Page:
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Targeting Trafficking of Nociceptive Receptors to Treat Chronic Pain Conditions | OMICS International
ISSN: 2161-0479
Journal of Autacoids and Hormones

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Targeting Trafficking of Nociceptive Receptors to Treat Chronic Pain Conditions

Weiya Ma*
Department of Psychiatry, Douglas Mental Health University Institute, McGill University, Canada
Corresponding Author : Weiya Ma, Ph.D, MD
Department of Psychiatry
Douglas Mental Health University Institute
McGill University, 6875 LaSalle Boulevard
Verdun, Montreal, Quebec
Canada, H4H 1R3
Tel: 514-761-6131 ext 2935
Fax: 514-762-3034
Received May 05, 2012; Accepted May 07, 2012; Published May 09, 2012
Citation: Ma W (2012) Targeting Trafficking of Nociceptive Receptors to Treat Chronic Pain Conditions. J Autacoids 1:e109. doi: 10.4172/2161-0479.1000e109
Copyright: © 2012 Ma W. This is an open-access article distributed under the terms of the Creative Commons Attribution License, which permits unrestricted use, distribution, and reproduction in any medium, provided the original author and source are credited.
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Chronic pain conditions severely deteriorate the quality of life of millions of individuals worldwide and impose a heavy financial burden on the health care system of all countries. Neuropathic pain (such as sciatica, trigeminal neuralgia, diabetic neuropathy, etc.) and inflammatory pain (such as arthritis, migraine, etc.) are common types of chronic pain conditions. It is generally accepted that the development of chronic pain states results from the peripheral and central sensitization. Peripheral sensitization refers to the hyper-excitability of nociceptive primary sensory neurons (nociceptors) while central sensitization usually refers to the hyper-excitability of nociceptive dorsal horn neurons. Peripheral sensitization is usually triggered by numerous inflammatory and pain mediators abundantly produced in inflamed tissues. Peripheral sensitization is a prerequisite for central sensitization.
It is well known that most receptors, either G-protein coupled receptors (GPCRs) or ligand gated ion channel receptors, are only functional when they reside at cell surface and are activated by extracellular ligands. Therefore, the cell surface receptors become the molecular targets of a majority of therapeutic drugs. The more abundant the receptors at cell surface, the more sensitive the receptors and the stronger the cell responses. The spatial and temporal distribution of cell surface receptor is dynamically regulated by receptor trafficking events (i.e., externalization, internalization, recycling and degradation), thus fine tuning the magnitude and time course of cellular responses to extracellular stimuli. Externalization and recycling increase the cell surface density of receptors while internalization and degradation reduce the surface receptor abundance.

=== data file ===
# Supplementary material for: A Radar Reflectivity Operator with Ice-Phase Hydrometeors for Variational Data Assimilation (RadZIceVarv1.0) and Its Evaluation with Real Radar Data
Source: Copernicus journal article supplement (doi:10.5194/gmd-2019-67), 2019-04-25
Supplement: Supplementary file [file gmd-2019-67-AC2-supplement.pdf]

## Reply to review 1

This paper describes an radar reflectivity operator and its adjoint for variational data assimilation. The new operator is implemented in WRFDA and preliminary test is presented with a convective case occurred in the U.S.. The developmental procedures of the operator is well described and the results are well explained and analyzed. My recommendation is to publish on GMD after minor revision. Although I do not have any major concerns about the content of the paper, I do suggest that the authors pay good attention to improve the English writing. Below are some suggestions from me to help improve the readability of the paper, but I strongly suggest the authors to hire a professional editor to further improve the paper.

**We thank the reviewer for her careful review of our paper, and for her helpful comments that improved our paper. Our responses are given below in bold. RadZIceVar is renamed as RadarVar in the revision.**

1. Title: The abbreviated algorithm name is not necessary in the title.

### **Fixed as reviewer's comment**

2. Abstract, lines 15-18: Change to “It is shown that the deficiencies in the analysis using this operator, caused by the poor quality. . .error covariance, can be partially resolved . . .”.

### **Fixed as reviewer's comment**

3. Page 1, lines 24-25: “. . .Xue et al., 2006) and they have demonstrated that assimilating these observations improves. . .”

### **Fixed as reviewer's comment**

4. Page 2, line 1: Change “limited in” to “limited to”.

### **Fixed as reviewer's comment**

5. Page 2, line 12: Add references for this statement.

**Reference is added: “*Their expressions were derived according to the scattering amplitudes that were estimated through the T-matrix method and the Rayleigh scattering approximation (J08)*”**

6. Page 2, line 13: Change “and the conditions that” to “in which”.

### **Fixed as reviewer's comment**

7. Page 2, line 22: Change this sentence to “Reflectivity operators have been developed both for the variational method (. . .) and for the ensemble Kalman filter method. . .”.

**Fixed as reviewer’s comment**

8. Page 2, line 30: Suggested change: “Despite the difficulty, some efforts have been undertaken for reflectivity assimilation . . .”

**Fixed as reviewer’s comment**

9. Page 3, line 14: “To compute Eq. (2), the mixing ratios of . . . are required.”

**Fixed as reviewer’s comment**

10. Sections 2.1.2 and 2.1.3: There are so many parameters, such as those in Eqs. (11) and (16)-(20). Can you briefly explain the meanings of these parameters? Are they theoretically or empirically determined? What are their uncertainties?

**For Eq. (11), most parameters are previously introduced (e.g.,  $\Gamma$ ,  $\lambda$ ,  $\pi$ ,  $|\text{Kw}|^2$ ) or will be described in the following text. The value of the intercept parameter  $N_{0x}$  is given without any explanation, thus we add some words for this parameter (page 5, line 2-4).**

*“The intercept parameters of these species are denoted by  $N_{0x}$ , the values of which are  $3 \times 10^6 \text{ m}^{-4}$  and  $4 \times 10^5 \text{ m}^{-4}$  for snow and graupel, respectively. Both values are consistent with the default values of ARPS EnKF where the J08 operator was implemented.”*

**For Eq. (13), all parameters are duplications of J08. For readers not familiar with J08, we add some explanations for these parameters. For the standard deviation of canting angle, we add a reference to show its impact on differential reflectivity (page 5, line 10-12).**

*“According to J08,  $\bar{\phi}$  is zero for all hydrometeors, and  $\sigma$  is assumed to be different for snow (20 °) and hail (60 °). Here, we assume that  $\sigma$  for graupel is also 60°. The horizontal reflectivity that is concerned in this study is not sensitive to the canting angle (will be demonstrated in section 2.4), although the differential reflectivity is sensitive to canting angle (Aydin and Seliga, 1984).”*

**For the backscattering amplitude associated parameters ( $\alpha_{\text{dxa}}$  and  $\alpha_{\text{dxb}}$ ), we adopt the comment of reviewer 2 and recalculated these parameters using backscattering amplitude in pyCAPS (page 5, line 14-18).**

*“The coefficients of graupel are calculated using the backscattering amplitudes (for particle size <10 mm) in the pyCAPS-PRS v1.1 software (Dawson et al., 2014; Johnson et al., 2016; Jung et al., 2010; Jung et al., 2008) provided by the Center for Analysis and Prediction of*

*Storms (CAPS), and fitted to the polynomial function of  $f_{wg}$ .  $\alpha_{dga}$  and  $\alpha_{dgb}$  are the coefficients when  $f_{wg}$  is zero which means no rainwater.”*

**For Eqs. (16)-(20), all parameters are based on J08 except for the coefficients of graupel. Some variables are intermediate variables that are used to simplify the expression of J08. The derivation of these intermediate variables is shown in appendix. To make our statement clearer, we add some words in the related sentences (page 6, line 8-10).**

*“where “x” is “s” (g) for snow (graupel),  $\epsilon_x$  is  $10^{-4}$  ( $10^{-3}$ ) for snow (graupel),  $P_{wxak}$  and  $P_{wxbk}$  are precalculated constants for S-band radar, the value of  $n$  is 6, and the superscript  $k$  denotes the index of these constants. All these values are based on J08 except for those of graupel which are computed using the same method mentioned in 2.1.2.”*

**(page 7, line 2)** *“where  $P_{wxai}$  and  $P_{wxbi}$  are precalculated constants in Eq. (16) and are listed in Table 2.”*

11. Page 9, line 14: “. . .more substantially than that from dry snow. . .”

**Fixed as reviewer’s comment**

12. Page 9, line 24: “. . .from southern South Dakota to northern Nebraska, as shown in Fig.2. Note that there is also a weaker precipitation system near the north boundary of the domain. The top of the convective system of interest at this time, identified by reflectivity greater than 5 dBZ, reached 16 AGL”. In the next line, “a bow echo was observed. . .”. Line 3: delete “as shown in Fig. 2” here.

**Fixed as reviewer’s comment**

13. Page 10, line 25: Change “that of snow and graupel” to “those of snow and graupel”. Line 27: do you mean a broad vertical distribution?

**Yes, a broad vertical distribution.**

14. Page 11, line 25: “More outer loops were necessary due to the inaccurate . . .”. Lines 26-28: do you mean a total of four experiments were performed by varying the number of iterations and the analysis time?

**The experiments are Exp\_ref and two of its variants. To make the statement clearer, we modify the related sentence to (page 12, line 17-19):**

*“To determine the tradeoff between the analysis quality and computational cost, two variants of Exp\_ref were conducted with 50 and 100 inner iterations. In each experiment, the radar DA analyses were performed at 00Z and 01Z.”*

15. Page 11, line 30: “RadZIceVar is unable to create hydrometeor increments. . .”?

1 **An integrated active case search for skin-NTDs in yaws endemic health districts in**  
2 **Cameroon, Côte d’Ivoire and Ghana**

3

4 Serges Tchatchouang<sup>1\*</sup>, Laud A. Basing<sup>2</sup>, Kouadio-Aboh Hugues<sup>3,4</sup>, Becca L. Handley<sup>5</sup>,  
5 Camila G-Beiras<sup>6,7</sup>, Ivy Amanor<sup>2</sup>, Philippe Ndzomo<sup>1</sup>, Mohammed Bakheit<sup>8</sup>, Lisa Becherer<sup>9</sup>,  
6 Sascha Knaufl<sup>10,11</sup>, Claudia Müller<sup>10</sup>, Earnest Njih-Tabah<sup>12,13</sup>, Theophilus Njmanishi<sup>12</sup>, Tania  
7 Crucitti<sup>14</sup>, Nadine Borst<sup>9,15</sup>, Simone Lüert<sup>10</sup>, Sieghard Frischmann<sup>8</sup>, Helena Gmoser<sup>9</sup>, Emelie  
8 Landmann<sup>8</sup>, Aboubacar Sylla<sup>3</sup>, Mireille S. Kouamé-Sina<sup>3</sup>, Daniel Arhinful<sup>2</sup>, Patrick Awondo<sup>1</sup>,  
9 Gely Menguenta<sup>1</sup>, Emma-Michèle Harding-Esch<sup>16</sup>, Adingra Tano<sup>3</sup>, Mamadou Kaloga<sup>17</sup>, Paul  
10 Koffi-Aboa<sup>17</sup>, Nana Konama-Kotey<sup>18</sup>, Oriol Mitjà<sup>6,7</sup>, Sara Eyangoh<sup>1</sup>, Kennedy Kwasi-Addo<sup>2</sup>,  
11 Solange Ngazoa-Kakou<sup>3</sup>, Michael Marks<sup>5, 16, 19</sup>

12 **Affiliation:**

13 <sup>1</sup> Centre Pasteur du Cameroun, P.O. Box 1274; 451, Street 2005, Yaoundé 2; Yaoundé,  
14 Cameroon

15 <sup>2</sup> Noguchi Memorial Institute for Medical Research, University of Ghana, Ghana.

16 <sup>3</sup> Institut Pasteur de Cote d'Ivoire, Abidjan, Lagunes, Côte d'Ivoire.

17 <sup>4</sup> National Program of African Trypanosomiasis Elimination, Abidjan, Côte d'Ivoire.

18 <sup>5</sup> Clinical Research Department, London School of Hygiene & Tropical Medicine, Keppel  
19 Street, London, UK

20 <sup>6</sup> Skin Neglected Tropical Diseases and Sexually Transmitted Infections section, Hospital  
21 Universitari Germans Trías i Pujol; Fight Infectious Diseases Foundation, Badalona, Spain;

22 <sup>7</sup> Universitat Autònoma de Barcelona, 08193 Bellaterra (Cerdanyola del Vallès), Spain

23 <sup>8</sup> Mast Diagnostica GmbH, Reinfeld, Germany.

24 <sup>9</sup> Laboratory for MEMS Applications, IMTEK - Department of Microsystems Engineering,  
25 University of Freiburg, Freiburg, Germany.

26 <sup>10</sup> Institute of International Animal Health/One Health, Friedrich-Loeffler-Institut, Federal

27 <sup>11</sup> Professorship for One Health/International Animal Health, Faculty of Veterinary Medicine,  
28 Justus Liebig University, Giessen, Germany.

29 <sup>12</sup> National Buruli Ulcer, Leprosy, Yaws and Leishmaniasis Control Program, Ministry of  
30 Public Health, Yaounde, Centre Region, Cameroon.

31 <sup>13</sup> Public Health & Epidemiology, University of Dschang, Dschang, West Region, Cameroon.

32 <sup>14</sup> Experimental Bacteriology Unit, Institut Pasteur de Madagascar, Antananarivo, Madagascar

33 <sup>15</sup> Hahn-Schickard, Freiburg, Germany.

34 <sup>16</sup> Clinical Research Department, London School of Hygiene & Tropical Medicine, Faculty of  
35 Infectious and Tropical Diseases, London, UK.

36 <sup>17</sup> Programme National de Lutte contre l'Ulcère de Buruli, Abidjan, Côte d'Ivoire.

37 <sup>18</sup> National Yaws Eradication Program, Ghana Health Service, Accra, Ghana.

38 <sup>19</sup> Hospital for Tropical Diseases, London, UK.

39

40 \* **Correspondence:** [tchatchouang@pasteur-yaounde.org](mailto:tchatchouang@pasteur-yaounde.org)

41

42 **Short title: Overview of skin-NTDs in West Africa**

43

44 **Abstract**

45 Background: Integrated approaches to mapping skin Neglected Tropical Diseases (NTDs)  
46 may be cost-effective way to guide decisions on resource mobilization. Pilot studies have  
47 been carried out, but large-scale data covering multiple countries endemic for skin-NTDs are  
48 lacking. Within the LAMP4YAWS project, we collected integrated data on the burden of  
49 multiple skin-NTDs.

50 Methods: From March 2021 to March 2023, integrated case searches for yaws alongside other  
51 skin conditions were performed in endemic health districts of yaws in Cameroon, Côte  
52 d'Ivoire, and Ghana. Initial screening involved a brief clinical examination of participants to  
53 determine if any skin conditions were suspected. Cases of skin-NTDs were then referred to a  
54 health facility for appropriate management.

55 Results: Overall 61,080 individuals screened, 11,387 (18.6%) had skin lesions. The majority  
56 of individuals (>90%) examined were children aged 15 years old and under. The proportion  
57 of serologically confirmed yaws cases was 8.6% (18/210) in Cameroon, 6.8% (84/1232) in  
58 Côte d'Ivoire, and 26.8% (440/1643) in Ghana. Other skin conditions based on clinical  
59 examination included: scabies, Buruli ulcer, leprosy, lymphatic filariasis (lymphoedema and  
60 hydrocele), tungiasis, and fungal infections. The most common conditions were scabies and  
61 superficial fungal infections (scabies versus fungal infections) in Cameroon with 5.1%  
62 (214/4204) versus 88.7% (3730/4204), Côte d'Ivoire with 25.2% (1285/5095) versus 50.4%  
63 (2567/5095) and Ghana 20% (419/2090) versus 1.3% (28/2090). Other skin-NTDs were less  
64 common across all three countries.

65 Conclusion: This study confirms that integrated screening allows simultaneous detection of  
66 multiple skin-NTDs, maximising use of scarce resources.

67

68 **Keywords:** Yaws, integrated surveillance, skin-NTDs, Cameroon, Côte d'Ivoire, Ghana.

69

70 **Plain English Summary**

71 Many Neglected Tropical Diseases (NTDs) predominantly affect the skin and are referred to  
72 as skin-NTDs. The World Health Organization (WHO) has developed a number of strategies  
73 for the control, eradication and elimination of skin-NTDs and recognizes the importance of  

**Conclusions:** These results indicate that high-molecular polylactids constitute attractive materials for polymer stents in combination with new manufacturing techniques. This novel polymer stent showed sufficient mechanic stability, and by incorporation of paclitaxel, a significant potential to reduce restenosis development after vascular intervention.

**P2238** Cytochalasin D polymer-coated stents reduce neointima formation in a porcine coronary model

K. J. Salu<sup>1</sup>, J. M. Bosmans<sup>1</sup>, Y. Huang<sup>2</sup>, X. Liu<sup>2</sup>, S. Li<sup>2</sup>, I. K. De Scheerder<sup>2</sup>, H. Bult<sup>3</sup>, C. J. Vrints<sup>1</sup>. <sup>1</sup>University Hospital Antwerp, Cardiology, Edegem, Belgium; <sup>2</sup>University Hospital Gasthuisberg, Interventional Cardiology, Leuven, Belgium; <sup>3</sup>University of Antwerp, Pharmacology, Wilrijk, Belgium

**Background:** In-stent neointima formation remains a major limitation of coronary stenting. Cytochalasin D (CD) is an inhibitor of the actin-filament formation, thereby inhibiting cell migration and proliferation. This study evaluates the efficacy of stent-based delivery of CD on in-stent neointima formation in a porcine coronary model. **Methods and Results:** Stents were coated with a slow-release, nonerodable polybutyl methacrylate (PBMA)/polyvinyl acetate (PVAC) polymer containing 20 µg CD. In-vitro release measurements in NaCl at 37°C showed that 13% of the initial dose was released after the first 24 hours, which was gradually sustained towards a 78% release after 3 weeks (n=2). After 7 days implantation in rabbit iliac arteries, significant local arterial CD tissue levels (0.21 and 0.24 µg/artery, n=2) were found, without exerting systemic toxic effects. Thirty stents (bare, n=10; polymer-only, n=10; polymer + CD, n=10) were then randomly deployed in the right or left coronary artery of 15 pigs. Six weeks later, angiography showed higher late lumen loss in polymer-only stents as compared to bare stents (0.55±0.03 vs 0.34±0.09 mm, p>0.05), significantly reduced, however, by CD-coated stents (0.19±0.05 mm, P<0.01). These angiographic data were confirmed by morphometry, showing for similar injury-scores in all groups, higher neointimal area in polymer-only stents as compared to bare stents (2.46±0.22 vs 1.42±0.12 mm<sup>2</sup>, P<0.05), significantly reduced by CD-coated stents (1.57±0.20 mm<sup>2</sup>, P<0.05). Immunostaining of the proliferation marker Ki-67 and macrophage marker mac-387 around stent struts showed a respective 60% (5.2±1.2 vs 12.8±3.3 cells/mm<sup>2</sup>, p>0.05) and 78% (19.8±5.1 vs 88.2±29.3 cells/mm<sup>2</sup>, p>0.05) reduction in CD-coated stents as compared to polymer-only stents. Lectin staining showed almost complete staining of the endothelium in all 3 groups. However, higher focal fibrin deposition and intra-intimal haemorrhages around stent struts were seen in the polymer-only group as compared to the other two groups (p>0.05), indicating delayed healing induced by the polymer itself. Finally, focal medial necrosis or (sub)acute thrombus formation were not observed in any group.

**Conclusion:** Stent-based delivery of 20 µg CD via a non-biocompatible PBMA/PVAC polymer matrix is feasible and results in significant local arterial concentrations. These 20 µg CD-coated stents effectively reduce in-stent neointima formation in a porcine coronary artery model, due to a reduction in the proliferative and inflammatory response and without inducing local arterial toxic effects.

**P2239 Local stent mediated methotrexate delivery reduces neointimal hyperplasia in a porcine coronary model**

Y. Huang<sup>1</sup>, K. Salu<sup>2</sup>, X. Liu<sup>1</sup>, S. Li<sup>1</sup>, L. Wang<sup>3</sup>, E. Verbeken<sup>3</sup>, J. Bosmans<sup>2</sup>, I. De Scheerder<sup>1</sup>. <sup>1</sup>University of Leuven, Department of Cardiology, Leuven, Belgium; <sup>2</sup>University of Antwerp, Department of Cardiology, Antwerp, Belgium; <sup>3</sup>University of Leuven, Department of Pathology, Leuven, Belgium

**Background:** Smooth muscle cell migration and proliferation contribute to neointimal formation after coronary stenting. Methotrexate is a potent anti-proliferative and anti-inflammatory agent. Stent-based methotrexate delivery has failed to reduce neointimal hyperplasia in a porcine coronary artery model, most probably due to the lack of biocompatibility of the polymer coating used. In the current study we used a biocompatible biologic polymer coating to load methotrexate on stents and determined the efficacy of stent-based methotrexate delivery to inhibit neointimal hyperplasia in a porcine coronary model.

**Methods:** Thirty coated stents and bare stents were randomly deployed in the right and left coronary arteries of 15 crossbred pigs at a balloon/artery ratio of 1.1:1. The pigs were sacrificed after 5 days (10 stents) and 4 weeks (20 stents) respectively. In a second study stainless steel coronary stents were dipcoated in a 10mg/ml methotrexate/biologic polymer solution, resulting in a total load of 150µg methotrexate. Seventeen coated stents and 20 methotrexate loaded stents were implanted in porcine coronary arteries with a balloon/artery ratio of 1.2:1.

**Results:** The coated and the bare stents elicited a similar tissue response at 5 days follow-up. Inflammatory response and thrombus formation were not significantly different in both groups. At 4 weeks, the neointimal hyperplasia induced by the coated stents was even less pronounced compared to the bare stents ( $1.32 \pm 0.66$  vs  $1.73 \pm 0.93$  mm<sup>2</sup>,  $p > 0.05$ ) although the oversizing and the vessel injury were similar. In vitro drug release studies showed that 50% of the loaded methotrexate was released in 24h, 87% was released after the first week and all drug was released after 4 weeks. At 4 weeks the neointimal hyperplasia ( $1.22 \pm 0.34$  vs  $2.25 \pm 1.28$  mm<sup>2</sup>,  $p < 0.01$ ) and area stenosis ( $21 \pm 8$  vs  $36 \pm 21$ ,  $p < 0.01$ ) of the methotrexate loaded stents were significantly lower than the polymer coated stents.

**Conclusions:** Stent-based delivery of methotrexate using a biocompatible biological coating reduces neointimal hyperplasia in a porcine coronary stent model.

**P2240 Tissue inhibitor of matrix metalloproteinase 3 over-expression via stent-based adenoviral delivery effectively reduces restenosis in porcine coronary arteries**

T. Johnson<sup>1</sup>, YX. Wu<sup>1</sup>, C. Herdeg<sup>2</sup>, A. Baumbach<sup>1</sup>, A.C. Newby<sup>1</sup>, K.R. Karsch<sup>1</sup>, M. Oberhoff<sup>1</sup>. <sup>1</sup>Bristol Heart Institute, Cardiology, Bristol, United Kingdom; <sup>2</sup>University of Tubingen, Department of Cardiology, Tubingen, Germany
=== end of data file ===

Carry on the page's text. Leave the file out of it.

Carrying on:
Receptors are synthesized, folded and assembled in endoplasmic reticulum (ER) and then migrate from ER to the trans-Golgi network (TGN), where they attain mature status through post-translational modifications. Mature receptors then move from the TGN to their functional destination at cell surface [1]. At steady state, newly synthesized receptors are sorted into microvesicles in TGN and inserted into the cell surface through spontaneous exocytosis along the constitutive pathway. Upon stimulation, receptors undergo externalization to cell surface through regulatory pathway. Externalization increases receptor density at cell surface, thus increasing receptor sensitivity and cell response.
Upon stimulation, receptors at cell surface also undergo internalization that involves phosphorylation of the receptors by G-protein receptor kinases, and subsequent binding of phosphorylated receptors to arrestins which recruit components of the transport machinery to the clathrin-coated pits and initiate the formation of the early endosome [2,3]. Internalized receptors in the early endosome are sorted to the recycling endosome for return to cell surface or to the lysosome for degradation, leading to receptor re-sensitization or desensitization [2,4].
As mentioned above, peripheral and central sensitization underlies the initiation and generation of chronic pain states. Inflammatory and pain mediators such as neuropeptides, cytokines, chemokines, neurotrophins, eicosanoids, etc, abundantly generated from inflamed tissues, primary sensory ganglia and spinal dorsal horn, are able to sensitize nociceptors and nociceptive dorsal horn neurons. However, the underlying mechanisms are not well understood. It is yet to be established whether modulating the trafficking of nociceptive receptors is a novel mechanism underlying pain mediators-induced peripheral and central sensitization.